The nation's economy expanded at a modest to moderate pace the past six weeks, but job growth was subdued, and business uncertainty mounted due to the federal government shutdown and debt-ceiling standoff, a Federal Reserve report said Wednesday.
The Fed's "beige book," named for the color of its cover, is likely to be particularly scrutinized because the government shutdown has halted the usual releases of economic reports on September activity.
The Fed's portrayal of a "modest to moderate" expansion was similar to its early September report, showing slow but steady growth in most of the country. But the pace slowed a bit in the Philadelphia, Richmond, Va., Chicago and Kansas City Fed bank districts.
The housing and auto recovery continued to support the economy as consumer spending and manufacturing picked up modestly, and business investment grew, the report said.
But job growth "remained modest in September," with several regions citing uncertainty about budget battles in Washington, and the partial implementation in early October of the new health care law. In Cleveland and Dallas, retail hiring was largely limited to new stores. Job growth slowed in New York. Manufacturers in Chicago cut back on overtime.
Those reports appear consistent with private payroll processor ADP's survey, which showed businesses added a disappointing 166,000 jobs last month. The Bureau of Labor Statistics did not release its closely watched employment report for September because of the shutdown. Monthly job gains have slowed in recent months after averaging about 200,000 earlier this year.
Consumer spending increased modestly in most areas, with auto sales especially strong in the New York region. Retail sales generally were "steady" but accelerated some in the Cleveland and Richmond areas and slowed in Chicago, Kansas City and Dallas. In Chicago and Atlanta, back-to-school spending was not as strong as a year ago, though retailers were "generally optimistic about the holiday shopping season."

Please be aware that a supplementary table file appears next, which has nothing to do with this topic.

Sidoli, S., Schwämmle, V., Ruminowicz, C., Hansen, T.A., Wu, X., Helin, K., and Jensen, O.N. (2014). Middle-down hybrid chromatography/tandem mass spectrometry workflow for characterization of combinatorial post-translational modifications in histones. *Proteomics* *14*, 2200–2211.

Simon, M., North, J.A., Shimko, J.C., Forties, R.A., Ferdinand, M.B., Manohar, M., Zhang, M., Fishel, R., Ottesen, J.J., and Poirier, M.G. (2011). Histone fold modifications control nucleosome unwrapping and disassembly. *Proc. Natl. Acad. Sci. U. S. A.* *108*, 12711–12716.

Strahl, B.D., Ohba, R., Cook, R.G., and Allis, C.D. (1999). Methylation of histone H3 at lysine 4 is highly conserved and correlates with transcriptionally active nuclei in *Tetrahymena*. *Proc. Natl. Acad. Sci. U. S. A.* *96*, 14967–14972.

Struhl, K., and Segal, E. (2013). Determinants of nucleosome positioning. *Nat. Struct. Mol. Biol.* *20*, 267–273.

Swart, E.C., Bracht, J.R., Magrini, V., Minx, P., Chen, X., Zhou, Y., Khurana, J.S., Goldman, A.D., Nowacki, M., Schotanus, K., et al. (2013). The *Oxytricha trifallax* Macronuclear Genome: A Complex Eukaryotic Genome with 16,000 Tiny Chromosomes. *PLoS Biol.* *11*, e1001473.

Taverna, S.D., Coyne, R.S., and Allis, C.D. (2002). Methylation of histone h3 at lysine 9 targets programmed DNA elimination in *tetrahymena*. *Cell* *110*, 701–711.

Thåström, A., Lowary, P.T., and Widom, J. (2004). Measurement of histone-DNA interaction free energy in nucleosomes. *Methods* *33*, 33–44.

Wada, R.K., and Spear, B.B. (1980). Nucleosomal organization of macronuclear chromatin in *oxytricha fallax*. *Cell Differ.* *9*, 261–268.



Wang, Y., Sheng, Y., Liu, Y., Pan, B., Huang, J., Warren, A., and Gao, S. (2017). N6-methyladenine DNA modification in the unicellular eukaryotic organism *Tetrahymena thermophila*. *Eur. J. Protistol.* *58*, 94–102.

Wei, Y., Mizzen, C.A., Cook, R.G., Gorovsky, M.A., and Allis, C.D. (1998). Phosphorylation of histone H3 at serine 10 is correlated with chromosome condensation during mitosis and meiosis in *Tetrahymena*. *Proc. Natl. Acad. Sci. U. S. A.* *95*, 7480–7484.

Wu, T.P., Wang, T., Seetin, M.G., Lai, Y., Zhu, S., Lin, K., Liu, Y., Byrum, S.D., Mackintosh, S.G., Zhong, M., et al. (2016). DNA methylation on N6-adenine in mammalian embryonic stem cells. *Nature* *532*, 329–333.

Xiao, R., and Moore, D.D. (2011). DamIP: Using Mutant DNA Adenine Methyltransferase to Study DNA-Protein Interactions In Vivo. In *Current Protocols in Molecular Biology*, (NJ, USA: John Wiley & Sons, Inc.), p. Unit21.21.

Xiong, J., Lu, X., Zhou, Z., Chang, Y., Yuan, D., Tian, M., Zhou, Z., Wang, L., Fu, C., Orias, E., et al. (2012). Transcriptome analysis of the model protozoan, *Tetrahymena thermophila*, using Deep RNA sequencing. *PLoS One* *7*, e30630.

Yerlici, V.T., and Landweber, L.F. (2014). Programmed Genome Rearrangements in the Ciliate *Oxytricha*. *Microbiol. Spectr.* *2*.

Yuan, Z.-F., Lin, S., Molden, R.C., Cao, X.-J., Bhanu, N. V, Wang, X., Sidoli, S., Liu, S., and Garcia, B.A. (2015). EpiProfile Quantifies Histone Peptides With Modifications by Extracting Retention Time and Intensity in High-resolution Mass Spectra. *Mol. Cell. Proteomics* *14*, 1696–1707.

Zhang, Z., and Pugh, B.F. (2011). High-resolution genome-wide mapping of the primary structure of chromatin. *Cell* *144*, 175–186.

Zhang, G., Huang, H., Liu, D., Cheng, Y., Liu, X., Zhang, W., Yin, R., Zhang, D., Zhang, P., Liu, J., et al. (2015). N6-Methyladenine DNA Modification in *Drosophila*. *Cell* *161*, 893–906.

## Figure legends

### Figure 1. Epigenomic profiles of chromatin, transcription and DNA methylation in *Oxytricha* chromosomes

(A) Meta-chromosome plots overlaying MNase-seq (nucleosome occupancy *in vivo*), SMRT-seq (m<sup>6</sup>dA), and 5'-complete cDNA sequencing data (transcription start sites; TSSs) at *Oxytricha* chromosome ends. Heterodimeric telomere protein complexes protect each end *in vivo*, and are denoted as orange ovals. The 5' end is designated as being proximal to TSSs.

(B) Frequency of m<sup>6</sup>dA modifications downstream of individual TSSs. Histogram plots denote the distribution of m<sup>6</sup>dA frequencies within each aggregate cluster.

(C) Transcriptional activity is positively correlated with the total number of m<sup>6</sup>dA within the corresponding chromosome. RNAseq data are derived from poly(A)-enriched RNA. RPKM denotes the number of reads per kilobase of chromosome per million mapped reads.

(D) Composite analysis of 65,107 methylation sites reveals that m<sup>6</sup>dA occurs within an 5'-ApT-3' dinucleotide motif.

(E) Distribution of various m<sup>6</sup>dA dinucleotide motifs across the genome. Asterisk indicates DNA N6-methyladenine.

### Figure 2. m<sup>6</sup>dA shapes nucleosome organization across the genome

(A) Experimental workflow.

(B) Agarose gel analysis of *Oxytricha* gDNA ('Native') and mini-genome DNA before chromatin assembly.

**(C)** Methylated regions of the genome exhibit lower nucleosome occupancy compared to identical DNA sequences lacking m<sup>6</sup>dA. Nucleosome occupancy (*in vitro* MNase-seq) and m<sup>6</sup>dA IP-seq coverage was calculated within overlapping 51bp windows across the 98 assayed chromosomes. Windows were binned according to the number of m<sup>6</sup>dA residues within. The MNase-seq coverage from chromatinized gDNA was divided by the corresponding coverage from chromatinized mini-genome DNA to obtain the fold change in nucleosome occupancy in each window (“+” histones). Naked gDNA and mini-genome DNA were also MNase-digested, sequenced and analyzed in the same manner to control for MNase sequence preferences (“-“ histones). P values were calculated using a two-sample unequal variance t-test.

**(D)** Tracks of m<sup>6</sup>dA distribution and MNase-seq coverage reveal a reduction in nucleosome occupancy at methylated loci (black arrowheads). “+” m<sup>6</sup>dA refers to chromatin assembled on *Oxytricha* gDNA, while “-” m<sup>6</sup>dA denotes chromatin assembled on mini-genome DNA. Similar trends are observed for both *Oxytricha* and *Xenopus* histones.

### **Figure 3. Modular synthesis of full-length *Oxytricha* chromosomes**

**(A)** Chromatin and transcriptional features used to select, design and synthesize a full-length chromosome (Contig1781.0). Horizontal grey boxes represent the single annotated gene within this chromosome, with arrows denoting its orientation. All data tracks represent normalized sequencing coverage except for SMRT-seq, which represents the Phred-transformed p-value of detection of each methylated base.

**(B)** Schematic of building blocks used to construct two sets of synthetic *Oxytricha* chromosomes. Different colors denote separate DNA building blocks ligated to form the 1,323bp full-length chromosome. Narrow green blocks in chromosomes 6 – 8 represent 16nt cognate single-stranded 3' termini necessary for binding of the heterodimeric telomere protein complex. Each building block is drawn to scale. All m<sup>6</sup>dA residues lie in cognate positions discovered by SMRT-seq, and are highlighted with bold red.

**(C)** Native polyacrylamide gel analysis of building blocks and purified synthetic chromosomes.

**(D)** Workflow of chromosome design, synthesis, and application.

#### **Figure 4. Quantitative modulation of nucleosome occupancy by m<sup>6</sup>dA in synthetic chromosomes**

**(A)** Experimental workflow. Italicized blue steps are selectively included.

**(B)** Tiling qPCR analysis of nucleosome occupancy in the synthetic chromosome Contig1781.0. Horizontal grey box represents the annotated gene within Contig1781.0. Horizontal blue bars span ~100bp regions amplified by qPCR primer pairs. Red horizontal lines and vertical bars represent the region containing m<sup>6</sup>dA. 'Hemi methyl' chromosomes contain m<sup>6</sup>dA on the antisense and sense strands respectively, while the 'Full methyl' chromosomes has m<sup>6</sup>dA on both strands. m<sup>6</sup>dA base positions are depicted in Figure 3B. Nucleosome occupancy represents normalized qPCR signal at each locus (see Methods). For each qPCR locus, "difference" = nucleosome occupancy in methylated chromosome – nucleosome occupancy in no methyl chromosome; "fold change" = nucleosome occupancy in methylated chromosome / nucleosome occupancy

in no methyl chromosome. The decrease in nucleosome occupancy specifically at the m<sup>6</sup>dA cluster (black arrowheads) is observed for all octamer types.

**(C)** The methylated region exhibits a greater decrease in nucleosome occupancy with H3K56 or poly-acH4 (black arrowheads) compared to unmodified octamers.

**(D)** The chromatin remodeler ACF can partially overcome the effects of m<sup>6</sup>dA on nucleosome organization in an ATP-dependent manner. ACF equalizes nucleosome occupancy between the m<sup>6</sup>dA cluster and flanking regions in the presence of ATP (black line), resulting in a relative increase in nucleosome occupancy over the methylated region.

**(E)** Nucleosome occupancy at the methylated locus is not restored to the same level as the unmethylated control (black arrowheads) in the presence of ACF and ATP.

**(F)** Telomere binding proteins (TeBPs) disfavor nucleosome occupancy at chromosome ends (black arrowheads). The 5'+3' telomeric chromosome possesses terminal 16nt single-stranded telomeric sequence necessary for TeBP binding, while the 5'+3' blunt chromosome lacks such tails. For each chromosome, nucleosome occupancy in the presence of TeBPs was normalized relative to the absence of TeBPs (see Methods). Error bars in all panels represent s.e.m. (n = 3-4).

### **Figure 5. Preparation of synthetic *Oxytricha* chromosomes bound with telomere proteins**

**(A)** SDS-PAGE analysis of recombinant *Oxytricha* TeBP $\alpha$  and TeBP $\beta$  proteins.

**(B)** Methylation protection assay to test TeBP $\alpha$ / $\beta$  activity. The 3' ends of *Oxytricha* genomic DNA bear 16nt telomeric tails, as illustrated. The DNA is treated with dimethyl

Tourism, meanwhile, picked up in Atlanta, Boston and New York. But in Boston, concerns grew about the impact of the shutdown. In Richmond, the shutdown closed some tourist attractions.
Although manufacturing activity generally increased modestly, Cleveland, St. Louis and Minneapolis saw faster growth. The pace slowed in New York, Richmond and Chicago. Steel demand rose in Cleveland, Chicago, St. Louis and San Francisco. Sales of construction materials were strong in Philadelphia, Cleveland and San Francisco, but flat to down in Dallas and Chicago.
"While there was little immediate disruption from the federal government shutdown, contacts worried about the potential impact if the closing became prolonged," the Fed report said.
Business investment also increased modestly. In Philadelphia, investment in information technology equipment rose. But in Cleveland, "low natural gas prices and regulatory uncertainty" slowed the construction of gear to support the shale gas boom.
Several areas, however, expected capital spending -- which has weakened the past year -- to increase in the months ahead.
Housing construction, meanwhile, continued to pick up steam, rising robustly in Minneapolis and Dallas but modestly in Richmond and Philadelphia. Strong home sales in New York and Dallas were partly offset by the Jersey Shore, "which is still recovering from Hurricane Sandy."
While some areas reported mounting concerns about rising mortgage rates, that prospect boosted sales in Boston as home buyers rushed in, anticipating future interest rate increases.
In some areas, mortgage lending weakened because of the higher rates. But new mortgages continued to climb in Philadelphia, Richmond and Dallas.
Copyright 2013 USA TODAY
Original headline: Fed: Economy grew despite shutdown
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